Finally, Steamer Nation, I want to leave you with this. And I am talking specifically to Steamer Nation. If it is in your power, and it is within your power, never ever allow this gym to be turned into a sanctuary for this purpose again. Do not allow another family to weep and mourn the way I have witnessed this past week. Choose kindness. Choose love. Choose forgiveness. Choose mercy. Choose grace. It’s what Tristan wanted. It’s what God calls us to do.

Sermon for 1/12/20 Matthew 3:13-17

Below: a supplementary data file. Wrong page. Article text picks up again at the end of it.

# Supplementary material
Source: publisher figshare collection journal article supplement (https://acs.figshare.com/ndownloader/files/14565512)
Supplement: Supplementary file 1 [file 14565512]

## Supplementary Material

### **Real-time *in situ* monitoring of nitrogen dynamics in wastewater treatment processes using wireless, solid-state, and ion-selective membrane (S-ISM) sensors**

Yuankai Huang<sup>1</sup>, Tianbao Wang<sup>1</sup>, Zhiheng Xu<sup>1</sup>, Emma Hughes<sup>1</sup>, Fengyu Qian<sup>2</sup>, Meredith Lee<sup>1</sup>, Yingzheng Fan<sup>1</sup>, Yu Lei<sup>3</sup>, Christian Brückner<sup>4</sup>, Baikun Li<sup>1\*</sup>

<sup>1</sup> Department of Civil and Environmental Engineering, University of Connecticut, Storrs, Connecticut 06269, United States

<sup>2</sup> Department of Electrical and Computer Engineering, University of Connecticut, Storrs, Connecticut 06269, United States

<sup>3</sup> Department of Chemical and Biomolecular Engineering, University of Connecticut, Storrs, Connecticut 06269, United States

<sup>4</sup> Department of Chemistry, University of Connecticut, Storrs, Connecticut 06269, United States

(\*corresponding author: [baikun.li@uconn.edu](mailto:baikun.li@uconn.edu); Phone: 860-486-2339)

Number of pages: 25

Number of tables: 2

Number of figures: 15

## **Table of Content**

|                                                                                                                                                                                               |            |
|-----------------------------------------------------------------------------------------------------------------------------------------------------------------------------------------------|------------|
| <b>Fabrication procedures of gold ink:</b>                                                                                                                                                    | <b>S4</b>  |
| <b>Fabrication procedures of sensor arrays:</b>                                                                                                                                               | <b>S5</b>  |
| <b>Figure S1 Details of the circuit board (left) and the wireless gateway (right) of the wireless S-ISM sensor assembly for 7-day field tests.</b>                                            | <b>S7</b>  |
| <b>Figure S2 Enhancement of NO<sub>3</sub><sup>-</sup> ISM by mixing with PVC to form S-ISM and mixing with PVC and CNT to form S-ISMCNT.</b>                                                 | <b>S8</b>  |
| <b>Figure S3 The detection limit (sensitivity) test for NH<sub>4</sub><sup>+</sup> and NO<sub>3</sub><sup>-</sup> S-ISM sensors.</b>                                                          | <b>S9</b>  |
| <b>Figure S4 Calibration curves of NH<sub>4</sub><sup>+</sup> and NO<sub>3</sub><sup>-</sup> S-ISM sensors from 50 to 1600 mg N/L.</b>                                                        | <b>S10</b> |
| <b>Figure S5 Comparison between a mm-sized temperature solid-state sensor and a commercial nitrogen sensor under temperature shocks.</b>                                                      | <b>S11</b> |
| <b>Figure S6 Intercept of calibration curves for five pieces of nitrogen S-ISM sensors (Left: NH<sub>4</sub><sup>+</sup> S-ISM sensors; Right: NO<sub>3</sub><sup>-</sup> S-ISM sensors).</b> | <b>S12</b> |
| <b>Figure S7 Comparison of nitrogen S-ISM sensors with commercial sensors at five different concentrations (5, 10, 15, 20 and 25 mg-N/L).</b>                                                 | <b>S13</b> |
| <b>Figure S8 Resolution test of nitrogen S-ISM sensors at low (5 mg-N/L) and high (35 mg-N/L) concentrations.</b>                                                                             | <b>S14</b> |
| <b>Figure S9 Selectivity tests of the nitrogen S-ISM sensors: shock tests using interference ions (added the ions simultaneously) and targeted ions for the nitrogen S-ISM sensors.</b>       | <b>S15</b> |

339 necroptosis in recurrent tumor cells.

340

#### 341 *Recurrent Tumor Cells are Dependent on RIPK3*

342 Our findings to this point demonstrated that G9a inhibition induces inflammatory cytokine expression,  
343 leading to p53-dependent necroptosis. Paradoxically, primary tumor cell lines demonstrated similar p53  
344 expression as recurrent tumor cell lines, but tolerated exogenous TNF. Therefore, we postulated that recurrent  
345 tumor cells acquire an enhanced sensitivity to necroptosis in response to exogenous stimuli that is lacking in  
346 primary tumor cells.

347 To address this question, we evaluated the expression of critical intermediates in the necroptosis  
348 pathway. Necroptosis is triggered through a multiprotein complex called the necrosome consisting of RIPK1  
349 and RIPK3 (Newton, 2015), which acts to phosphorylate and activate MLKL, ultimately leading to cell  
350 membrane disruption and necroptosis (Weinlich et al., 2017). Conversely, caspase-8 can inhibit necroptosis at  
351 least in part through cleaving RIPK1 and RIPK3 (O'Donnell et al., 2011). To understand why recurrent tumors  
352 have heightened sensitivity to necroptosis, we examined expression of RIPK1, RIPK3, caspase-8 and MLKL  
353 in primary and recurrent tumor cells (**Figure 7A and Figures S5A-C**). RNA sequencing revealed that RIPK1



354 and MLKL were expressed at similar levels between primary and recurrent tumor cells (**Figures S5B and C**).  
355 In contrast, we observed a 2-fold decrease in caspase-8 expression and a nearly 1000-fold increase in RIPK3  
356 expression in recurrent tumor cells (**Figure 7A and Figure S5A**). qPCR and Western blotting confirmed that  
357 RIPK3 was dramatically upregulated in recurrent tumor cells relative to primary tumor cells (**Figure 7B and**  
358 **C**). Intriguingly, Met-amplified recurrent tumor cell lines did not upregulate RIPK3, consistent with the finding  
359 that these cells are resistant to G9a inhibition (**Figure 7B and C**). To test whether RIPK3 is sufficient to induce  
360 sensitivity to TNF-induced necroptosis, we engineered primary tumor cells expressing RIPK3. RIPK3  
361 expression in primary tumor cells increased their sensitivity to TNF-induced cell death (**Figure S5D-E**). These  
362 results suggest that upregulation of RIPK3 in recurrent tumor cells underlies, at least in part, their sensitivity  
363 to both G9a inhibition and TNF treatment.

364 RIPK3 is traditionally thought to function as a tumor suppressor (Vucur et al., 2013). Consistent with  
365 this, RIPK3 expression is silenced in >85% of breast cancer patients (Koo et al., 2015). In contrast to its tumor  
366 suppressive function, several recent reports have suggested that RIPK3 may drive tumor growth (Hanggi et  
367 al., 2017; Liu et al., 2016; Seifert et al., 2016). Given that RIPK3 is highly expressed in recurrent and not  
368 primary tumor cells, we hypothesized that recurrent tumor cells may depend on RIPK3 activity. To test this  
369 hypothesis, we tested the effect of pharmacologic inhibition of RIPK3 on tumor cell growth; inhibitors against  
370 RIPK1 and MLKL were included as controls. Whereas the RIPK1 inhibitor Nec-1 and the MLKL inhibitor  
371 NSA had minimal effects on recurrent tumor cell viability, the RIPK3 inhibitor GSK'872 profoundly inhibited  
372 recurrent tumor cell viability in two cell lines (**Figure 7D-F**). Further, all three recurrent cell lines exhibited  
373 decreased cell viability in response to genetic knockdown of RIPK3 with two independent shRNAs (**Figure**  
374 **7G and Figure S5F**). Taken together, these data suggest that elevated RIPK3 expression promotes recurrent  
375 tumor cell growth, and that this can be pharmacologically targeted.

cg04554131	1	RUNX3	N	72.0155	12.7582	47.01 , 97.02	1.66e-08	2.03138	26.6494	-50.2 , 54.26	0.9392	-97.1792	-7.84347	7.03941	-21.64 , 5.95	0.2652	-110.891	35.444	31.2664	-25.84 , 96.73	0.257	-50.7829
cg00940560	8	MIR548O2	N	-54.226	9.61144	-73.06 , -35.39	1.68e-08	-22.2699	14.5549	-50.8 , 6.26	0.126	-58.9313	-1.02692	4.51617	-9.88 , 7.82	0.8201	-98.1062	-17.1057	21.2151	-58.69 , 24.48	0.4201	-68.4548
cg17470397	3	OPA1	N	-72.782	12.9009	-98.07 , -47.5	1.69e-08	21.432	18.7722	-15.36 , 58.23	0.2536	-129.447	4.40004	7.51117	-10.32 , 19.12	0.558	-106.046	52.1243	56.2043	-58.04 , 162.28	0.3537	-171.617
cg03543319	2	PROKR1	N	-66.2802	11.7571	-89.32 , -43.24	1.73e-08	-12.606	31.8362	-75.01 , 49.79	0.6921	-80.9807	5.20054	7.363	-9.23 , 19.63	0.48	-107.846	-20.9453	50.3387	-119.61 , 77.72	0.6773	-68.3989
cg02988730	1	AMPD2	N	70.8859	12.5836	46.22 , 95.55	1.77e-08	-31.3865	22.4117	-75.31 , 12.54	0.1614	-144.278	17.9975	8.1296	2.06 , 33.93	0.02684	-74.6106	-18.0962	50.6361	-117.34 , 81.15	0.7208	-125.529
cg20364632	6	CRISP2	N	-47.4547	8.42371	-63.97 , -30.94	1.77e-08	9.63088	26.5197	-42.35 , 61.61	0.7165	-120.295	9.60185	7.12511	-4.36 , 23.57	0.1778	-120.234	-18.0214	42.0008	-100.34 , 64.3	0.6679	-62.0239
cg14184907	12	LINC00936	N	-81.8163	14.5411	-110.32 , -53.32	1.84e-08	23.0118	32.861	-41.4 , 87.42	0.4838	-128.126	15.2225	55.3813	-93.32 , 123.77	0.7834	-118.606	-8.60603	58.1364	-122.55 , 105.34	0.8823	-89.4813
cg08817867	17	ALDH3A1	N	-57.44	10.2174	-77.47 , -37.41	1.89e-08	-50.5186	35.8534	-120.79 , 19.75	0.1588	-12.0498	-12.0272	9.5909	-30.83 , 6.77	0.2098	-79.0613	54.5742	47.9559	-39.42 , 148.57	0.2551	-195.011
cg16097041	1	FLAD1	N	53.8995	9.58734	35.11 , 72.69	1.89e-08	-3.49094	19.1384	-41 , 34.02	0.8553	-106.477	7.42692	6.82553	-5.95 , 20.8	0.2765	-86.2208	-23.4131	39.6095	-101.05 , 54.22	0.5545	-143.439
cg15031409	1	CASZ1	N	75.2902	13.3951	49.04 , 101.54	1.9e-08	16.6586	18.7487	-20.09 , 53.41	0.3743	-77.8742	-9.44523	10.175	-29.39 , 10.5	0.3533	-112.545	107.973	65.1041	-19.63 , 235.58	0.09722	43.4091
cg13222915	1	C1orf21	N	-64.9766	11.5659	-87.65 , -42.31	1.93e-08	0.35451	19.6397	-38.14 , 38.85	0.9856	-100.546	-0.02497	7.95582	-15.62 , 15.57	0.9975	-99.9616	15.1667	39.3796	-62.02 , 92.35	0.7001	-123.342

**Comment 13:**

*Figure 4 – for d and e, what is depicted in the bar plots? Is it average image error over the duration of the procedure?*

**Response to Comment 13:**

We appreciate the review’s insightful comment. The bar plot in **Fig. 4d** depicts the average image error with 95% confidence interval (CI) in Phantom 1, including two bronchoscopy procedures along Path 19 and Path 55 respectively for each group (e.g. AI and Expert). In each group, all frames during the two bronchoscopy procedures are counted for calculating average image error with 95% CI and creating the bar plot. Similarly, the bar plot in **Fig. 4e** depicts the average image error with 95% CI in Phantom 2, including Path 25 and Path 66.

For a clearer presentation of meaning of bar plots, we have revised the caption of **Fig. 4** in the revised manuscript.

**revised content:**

It probably won’t surprise many of you, but we’re big Disney fans in the Marple household. We got our subscription to Disney Plus as soon as it came out. We’ve been on a Disney Cruise as many of you know. As soon as the opportunity arose during Thanksgiving, we ventured out to see Frozen 2. If you have not seen it, I highly recommend it. Even if you don’t have kids, go and see it. It’s a great movie (I even liked it better than the first one). One idea that runs through the movie (and don’t worry, this won’t ruin it for you) is that water has memory. Water remembers. And it makes sense. Water is a living creature. It is made up of oxygen and particles just like you and me. So water remembers being frozen, or disturbed, or dammed up, or polluted, or whatever the case may be. Considering that water has been around since the literal creation of the earth, water must have a very long memory. In a lot of ways, water helps us to remember too.